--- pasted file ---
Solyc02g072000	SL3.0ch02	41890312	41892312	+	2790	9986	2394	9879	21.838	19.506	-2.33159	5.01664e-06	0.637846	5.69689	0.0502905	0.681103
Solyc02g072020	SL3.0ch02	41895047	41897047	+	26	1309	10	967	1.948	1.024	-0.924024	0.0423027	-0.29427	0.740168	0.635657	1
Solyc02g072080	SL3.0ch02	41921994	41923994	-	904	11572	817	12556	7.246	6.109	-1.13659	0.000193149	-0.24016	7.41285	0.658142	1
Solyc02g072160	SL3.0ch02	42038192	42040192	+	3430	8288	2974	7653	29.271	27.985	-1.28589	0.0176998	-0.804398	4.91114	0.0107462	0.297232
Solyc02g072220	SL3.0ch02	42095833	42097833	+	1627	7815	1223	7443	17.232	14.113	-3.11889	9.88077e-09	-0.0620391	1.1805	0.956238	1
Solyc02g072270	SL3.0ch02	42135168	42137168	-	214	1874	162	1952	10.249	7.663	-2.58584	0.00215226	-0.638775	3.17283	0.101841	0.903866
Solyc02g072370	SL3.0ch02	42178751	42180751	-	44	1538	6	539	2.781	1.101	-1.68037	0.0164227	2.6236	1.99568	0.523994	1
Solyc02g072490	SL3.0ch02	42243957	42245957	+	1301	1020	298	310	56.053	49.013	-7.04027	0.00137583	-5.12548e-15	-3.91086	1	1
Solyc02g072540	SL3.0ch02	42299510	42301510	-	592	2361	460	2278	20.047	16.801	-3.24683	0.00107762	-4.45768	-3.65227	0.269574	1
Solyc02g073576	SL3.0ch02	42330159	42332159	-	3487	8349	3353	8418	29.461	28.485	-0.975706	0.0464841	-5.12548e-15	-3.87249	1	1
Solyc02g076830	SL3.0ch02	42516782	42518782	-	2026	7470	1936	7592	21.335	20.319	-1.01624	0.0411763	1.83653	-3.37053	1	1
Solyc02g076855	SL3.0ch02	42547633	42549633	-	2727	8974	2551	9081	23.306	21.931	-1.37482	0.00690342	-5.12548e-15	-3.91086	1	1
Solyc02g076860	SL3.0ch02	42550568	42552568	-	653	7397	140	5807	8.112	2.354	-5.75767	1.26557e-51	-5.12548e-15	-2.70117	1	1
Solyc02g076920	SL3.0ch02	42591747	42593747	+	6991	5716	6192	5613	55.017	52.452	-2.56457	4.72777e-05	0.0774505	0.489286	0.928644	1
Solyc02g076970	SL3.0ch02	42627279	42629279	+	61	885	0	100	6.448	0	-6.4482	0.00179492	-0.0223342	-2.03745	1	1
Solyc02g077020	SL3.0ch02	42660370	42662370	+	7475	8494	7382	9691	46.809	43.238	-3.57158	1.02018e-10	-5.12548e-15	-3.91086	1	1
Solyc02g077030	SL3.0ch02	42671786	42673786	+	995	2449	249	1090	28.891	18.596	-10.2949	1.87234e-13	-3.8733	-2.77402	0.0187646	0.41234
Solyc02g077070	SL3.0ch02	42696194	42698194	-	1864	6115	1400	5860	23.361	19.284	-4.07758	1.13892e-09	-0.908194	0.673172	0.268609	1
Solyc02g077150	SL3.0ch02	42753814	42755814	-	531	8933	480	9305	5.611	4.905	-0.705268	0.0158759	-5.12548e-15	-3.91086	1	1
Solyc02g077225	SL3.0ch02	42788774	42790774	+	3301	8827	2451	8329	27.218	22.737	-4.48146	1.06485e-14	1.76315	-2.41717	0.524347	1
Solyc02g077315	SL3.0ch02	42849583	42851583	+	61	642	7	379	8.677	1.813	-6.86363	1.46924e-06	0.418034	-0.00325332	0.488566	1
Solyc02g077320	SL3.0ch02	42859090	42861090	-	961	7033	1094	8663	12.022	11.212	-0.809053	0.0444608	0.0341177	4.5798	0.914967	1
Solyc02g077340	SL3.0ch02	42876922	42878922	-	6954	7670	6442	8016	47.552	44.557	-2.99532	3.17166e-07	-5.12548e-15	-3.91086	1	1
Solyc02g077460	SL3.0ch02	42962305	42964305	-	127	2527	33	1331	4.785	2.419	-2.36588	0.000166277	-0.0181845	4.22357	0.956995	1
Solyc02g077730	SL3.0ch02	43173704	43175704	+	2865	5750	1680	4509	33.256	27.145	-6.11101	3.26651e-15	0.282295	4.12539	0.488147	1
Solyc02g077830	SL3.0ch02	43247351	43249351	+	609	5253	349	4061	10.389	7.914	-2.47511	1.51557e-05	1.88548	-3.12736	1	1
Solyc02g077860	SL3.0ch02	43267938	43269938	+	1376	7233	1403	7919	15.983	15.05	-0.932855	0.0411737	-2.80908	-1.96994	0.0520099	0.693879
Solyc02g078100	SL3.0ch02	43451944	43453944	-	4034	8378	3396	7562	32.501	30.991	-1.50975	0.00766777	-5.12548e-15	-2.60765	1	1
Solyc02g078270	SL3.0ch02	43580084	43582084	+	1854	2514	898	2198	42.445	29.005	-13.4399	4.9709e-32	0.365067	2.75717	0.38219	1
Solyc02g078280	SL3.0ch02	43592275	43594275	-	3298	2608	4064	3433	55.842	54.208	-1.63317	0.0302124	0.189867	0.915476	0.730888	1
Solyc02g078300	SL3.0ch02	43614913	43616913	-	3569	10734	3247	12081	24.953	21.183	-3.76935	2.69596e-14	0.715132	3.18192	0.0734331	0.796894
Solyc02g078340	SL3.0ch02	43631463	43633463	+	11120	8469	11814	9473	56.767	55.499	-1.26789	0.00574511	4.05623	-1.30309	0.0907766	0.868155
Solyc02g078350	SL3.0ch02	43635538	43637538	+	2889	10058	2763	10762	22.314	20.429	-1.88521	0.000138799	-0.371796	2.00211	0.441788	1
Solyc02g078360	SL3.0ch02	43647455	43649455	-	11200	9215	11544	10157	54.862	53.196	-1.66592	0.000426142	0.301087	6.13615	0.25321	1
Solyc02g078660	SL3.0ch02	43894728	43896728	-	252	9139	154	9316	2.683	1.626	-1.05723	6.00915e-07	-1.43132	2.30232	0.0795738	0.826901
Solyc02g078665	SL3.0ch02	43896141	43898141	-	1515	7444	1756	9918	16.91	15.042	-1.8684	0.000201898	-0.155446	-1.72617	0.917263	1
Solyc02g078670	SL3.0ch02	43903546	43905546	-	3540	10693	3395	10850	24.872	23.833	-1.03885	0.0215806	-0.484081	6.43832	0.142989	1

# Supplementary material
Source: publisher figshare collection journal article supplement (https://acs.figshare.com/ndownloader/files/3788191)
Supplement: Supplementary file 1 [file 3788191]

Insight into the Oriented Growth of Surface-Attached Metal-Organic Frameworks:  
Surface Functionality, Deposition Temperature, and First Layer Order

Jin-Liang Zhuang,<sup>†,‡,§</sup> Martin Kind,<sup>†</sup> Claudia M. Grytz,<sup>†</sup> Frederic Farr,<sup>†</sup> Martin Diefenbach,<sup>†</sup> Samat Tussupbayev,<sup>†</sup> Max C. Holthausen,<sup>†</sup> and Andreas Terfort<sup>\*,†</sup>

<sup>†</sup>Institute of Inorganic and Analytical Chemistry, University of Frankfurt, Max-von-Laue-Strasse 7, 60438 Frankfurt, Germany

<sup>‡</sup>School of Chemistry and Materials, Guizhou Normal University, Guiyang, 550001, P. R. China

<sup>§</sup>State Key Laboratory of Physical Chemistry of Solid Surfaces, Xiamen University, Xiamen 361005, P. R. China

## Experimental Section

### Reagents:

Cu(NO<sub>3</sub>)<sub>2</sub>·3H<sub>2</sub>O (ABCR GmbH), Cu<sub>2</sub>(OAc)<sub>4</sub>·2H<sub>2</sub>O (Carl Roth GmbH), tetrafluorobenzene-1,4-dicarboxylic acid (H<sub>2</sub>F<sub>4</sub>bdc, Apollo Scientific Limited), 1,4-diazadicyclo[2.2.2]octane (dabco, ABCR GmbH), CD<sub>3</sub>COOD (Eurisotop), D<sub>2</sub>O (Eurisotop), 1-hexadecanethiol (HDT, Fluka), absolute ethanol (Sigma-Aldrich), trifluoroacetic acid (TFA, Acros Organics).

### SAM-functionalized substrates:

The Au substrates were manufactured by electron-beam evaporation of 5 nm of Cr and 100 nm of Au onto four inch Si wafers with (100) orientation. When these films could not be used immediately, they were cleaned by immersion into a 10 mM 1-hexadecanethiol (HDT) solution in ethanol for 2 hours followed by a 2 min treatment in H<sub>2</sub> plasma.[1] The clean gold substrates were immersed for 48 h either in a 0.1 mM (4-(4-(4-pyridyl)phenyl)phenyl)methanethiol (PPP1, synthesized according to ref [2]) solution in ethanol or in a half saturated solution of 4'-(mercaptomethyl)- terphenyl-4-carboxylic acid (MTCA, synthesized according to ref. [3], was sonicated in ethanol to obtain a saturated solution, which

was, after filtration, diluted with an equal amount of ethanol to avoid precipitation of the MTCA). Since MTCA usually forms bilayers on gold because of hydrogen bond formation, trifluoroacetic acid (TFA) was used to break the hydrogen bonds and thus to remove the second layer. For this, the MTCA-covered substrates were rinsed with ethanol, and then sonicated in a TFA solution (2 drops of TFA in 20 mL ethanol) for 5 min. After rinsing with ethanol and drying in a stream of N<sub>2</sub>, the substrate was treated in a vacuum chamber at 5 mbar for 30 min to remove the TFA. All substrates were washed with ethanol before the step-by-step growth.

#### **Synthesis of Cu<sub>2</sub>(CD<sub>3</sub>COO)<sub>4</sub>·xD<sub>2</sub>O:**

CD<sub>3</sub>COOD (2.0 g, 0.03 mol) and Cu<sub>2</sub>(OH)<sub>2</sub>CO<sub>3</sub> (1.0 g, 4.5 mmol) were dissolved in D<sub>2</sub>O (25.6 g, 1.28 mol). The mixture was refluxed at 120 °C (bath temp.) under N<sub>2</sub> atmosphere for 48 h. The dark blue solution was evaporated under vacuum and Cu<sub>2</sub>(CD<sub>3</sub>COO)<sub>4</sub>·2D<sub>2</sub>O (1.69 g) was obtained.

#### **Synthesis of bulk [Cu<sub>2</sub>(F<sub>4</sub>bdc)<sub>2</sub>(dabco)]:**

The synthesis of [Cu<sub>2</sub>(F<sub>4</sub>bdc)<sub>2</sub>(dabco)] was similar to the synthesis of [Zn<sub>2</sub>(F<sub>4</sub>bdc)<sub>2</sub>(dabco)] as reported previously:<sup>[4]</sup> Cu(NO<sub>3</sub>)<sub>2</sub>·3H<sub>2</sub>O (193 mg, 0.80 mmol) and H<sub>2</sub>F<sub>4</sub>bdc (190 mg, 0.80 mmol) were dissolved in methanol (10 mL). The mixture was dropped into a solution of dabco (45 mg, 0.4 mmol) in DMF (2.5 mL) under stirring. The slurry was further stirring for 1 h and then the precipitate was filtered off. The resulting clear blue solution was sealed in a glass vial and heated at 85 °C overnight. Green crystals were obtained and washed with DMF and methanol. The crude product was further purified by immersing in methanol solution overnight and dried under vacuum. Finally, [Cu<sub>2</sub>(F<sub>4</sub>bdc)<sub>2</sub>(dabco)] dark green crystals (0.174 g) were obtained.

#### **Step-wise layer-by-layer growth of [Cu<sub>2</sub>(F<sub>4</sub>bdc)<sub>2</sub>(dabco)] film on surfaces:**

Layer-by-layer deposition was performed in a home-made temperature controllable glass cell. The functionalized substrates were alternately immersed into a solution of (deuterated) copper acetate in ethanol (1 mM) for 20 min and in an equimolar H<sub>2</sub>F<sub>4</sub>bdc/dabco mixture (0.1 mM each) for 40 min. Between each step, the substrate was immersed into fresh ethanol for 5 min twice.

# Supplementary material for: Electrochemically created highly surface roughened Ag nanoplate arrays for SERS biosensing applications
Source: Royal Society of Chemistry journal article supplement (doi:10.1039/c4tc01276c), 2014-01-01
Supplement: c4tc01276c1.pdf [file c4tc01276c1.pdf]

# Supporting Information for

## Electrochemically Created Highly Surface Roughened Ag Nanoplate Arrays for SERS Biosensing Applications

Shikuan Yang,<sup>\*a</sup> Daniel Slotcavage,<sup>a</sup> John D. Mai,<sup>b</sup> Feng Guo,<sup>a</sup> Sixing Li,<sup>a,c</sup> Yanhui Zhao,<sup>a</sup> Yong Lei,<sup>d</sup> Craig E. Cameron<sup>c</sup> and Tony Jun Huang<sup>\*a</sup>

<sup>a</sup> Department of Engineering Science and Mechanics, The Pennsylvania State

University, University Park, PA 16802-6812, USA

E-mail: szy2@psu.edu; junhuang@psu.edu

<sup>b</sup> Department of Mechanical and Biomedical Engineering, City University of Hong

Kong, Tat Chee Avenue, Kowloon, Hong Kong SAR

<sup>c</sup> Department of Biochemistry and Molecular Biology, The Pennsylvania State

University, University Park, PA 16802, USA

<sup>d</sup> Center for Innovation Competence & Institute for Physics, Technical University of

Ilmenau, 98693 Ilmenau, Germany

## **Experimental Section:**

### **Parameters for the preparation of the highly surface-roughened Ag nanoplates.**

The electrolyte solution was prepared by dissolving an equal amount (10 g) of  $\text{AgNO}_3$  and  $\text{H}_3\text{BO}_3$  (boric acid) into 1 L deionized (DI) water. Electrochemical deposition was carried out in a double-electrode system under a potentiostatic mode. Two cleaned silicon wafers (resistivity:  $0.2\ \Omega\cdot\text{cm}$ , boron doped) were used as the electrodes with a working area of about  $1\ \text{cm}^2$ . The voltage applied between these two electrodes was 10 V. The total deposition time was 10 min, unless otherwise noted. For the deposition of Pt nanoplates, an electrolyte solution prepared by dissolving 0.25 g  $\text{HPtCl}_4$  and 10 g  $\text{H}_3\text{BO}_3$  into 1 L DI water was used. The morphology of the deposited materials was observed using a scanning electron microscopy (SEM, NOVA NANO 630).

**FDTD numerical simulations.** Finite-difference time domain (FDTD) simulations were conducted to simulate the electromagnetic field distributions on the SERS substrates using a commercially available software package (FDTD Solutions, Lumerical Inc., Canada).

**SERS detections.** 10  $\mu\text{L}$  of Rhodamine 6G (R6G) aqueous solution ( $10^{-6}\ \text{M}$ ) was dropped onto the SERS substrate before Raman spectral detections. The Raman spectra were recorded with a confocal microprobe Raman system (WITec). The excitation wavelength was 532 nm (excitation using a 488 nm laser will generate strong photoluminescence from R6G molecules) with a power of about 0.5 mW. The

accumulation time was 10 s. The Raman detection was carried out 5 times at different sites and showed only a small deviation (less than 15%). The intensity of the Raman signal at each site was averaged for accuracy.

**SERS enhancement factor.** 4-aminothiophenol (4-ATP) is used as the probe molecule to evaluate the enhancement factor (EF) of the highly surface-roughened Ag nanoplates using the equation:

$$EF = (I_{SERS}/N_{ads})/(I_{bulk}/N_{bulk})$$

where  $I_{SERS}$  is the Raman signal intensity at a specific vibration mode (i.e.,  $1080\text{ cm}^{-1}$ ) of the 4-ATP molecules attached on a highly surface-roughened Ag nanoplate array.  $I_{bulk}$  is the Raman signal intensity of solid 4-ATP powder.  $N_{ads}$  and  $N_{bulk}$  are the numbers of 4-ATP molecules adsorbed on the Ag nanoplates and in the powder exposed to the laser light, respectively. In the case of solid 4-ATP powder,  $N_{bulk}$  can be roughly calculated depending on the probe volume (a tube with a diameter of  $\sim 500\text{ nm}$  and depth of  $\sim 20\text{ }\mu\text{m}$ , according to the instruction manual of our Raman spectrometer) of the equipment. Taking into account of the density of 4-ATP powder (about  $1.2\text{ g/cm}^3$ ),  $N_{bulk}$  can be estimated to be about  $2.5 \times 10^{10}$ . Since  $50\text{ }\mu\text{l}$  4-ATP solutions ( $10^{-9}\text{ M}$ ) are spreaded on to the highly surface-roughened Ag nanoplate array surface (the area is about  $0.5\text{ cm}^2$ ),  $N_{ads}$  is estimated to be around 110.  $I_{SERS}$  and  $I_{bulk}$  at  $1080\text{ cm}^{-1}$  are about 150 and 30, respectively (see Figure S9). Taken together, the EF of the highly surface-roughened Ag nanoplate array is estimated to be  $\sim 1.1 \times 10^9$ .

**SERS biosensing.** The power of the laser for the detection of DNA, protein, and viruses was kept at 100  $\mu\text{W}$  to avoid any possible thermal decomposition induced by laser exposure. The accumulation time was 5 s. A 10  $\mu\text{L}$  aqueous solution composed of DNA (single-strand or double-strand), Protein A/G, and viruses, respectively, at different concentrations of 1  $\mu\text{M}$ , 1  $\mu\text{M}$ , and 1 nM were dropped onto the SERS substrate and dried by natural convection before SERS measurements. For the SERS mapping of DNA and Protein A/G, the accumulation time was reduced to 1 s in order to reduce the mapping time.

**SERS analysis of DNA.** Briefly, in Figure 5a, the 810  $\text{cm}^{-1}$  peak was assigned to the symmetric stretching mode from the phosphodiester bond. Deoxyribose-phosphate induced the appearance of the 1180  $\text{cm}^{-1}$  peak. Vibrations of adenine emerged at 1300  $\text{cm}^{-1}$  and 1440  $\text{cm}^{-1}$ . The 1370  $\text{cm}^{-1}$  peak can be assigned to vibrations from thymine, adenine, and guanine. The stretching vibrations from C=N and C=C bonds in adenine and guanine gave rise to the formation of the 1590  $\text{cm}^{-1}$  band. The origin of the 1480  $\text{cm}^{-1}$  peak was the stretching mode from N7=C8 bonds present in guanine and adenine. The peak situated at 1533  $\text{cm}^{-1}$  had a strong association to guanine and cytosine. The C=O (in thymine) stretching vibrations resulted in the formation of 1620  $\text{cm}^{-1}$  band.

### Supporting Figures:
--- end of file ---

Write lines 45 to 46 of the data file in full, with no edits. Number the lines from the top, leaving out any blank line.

<sup>‡</sup>School of Chemistry and Materials, Guizhou Normal University, Guiyang, 550001, P. R. China

<sup>§</sup>State Key Laboratory of Physical Chemistry of Solid Surfaces, Xiamen University, Xiamen 361005, P. R. China